I wasn't sure which forum to post in so decided this one might be best.
The BBC has a series of programs that show what various types of artist do on an average day - painters, sculptors, graphic novel artists etc. They just showed one on famous photographer, Albert Watson.http://www.bbc.co.uk/iplayer/episode/b03y85dl/What_Do_Artists_Do_All_Day_Albert_Watson/
I've got a couple of his books and do like much of his work but the program just left me feeling rather sad. He spent the day driving 'round Skye in the Scottish Hebrides with 3 assistants in tow. One would set up the camera (a Phase One) and tripod, one would hold an umbrella to stop the strong wind shaking the tripod and the last one carried the tethered laptop and did all the post production. Time after time Watson was shown just pressing the shutter button while the assistants did everything else.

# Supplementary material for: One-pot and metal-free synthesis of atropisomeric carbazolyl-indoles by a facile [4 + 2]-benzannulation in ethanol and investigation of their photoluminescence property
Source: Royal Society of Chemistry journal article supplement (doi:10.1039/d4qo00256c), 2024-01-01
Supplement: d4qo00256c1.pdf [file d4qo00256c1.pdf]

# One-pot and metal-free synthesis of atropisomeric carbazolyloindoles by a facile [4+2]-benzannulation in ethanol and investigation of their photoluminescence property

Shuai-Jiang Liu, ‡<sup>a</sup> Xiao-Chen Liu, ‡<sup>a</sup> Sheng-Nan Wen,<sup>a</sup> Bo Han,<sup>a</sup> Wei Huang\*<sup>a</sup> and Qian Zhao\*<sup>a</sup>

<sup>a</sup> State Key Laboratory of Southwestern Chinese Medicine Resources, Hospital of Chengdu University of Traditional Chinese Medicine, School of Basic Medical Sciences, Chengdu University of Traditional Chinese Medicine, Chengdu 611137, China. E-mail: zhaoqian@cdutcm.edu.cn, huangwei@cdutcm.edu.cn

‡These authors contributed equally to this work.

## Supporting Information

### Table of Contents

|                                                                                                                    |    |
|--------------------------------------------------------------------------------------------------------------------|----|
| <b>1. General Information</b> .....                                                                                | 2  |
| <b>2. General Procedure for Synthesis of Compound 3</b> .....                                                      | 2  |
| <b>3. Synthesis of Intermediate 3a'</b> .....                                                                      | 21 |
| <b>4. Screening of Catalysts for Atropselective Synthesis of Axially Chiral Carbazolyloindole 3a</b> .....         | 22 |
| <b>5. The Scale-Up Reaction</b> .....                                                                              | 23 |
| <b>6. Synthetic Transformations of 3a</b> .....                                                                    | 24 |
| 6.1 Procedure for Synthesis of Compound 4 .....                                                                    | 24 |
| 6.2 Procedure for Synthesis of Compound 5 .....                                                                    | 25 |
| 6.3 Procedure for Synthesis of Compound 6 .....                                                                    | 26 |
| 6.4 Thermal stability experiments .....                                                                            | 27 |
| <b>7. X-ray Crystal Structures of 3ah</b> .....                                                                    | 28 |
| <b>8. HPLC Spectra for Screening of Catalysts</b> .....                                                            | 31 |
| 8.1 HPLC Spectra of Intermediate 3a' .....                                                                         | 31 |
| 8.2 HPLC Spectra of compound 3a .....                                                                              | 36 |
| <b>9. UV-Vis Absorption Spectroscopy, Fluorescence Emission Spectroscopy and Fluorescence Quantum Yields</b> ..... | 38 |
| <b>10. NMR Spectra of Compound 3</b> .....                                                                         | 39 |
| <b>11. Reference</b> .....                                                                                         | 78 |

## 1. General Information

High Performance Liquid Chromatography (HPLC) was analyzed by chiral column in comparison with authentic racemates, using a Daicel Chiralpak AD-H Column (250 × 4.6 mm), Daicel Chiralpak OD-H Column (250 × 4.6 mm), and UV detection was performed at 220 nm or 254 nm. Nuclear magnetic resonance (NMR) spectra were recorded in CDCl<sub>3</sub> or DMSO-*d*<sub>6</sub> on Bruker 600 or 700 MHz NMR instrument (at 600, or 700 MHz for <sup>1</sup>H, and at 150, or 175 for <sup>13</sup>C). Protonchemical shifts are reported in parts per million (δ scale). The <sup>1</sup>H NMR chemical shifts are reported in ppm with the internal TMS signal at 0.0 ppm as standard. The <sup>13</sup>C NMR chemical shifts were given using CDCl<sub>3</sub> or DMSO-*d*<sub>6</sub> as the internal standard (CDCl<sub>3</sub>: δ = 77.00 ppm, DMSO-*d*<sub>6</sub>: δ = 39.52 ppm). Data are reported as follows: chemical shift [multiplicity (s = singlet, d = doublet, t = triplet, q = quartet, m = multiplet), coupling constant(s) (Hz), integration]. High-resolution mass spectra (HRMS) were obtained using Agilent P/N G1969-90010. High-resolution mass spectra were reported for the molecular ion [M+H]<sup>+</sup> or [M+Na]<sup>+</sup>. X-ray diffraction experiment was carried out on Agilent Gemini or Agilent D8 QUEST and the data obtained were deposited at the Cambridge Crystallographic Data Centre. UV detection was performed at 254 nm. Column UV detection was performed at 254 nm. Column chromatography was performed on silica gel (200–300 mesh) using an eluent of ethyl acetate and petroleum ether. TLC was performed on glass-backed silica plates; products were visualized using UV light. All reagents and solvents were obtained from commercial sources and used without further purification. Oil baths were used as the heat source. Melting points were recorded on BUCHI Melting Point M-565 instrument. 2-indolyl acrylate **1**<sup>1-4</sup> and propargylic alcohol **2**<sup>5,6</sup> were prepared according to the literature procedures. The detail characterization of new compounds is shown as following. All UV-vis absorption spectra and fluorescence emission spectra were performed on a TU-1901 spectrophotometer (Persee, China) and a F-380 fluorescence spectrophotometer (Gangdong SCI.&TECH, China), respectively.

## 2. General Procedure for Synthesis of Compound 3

Clearly a half-hour program won't show the full story but I was quite saddened to see Watson do very little other than say, "yes, this is a good spot, the light will change in a moment". Meanwhile the assistants set everything up for him.
Before any of you leap on this post and say most top photographers use assistants, I agree - for a studio or location shot with lights, props and a human subject, that's understandable but this was straight forward landscape stuff!
Needless to say though, the results were superb. However, if you're familier with Skye, anyone could get excellent shots there - especially a Phase One.
For those not familiar with Skye: http://www.gettyimages.co.uk/creative/old-man-of-storr-stock-photos
Sorry for the grumble, it just annoyed me a bit.